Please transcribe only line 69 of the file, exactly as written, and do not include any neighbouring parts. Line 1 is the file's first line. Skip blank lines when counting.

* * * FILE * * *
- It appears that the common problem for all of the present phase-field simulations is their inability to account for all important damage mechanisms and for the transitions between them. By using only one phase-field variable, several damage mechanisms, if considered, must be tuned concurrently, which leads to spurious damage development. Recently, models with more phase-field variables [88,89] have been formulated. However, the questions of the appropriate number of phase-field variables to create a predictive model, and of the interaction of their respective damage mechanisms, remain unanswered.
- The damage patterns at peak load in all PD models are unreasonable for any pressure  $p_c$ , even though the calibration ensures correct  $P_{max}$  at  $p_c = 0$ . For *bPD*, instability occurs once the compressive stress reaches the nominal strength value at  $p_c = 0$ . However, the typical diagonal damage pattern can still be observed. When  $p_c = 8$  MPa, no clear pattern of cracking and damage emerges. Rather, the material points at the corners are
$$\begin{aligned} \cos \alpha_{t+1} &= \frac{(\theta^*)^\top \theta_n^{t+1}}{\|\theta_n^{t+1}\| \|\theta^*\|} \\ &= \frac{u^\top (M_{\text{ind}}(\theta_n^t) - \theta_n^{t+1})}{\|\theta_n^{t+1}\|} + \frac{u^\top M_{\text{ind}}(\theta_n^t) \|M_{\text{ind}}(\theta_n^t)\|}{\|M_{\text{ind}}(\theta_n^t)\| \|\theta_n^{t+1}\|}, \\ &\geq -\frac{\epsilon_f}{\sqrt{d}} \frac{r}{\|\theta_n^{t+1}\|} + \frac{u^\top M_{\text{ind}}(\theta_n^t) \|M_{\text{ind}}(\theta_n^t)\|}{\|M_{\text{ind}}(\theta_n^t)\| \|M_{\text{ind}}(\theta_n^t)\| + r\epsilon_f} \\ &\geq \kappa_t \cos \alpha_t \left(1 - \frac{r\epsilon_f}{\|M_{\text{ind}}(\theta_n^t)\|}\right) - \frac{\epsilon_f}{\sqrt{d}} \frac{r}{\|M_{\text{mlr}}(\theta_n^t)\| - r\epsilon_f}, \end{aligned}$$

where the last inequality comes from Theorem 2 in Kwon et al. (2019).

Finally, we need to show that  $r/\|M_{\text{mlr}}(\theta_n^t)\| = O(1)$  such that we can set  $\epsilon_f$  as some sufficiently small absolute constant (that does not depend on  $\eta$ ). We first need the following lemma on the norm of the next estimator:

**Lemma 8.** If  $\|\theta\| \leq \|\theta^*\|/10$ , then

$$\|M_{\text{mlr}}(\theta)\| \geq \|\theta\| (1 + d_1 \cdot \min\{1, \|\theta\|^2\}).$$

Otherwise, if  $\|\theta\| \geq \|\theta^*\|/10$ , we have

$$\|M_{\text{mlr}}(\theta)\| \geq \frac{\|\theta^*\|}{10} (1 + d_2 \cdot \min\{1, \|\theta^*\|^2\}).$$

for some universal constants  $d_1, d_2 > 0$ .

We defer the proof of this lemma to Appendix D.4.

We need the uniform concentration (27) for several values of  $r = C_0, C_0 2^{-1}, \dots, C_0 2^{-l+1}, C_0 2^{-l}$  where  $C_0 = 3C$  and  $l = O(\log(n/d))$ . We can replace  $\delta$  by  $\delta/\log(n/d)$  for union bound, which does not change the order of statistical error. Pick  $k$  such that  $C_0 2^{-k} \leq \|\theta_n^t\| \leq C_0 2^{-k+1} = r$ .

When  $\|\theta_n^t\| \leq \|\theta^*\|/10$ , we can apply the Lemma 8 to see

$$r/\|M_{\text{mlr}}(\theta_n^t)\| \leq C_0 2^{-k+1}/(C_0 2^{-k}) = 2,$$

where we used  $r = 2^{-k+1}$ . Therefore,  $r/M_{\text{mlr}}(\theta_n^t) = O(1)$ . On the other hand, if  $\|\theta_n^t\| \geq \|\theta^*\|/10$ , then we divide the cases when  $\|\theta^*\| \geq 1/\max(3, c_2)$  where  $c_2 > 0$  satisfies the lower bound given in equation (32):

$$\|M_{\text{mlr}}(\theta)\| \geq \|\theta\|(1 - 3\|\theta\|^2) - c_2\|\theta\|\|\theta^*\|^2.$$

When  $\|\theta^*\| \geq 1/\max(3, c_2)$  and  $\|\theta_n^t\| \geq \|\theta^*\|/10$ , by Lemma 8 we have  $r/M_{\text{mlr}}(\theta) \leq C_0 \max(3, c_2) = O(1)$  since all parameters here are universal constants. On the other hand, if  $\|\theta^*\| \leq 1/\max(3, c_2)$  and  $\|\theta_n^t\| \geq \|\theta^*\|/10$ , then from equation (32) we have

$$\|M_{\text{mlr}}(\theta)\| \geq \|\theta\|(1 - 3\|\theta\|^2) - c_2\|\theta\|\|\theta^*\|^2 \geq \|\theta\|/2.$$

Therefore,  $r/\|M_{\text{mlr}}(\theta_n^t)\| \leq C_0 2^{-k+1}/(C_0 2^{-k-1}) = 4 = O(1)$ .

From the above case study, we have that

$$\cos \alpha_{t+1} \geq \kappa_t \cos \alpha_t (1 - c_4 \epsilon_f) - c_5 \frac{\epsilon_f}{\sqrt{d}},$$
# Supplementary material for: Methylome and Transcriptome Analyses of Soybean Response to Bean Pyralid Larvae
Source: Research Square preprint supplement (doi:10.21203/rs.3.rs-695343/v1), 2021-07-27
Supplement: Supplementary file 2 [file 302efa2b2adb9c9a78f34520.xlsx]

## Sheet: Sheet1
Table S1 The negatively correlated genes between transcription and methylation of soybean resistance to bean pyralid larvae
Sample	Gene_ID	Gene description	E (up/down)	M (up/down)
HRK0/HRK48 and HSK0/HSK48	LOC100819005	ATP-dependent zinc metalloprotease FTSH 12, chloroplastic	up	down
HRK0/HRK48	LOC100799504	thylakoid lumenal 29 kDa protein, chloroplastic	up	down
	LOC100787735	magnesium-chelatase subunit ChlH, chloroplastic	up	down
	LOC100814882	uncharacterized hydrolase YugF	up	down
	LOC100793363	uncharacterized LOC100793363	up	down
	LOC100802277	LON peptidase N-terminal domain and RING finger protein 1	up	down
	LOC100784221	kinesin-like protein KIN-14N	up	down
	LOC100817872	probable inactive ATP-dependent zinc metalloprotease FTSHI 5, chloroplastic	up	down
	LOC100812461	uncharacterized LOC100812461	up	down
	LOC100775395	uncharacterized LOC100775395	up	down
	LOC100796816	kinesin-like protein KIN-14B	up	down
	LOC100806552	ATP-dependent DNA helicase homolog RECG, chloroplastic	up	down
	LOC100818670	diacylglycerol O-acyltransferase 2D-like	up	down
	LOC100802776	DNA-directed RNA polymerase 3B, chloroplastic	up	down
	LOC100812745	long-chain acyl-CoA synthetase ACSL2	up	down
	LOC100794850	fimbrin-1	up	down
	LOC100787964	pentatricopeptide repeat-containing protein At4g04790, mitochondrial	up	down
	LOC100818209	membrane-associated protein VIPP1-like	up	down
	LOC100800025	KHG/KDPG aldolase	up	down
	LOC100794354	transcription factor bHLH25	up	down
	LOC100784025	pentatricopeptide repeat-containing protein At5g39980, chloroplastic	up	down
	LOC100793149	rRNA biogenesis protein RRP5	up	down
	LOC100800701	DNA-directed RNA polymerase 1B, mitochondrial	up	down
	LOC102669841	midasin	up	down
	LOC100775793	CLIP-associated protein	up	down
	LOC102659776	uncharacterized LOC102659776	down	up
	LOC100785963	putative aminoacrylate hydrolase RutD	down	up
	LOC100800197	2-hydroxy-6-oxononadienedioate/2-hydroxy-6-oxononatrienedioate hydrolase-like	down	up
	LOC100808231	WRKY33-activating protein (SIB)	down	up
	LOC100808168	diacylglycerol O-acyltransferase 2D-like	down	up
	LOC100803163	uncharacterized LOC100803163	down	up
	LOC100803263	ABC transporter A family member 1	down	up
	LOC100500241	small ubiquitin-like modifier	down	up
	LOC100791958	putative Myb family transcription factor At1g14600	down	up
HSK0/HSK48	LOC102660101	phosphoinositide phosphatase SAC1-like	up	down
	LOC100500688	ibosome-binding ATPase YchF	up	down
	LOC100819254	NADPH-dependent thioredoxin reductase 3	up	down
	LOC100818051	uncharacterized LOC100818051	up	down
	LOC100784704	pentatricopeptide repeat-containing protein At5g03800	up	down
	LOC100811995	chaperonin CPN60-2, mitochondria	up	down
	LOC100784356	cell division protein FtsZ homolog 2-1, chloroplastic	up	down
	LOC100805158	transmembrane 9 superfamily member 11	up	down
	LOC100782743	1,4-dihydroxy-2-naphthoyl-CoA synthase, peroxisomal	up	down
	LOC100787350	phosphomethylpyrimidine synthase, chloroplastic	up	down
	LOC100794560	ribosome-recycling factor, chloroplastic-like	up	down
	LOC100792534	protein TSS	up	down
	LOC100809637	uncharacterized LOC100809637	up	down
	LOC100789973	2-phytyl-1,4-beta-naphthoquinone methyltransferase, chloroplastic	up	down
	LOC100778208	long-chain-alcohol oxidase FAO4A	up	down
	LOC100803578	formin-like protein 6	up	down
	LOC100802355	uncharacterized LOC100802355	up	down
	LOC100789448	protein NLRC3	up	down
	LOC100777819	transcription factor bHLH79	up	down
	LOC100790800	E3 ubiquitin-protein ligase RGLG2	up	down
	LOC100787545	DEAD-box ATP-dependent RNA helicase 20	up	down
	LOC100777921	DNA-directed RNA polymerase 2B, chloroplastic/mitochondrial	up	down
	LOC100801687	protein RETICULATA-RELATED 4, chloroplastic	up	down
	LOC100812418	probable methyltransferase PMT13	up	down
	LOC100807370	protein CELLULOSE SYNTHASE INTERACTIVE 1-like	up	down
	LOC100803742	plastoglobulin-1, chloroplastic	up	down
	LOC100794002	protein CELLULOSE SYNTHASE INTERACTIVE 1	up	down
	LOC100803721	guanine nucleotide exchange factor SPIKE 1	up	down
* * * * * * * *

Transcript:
	LOC100805158	transmembrane 9 superfamily member 11	up	down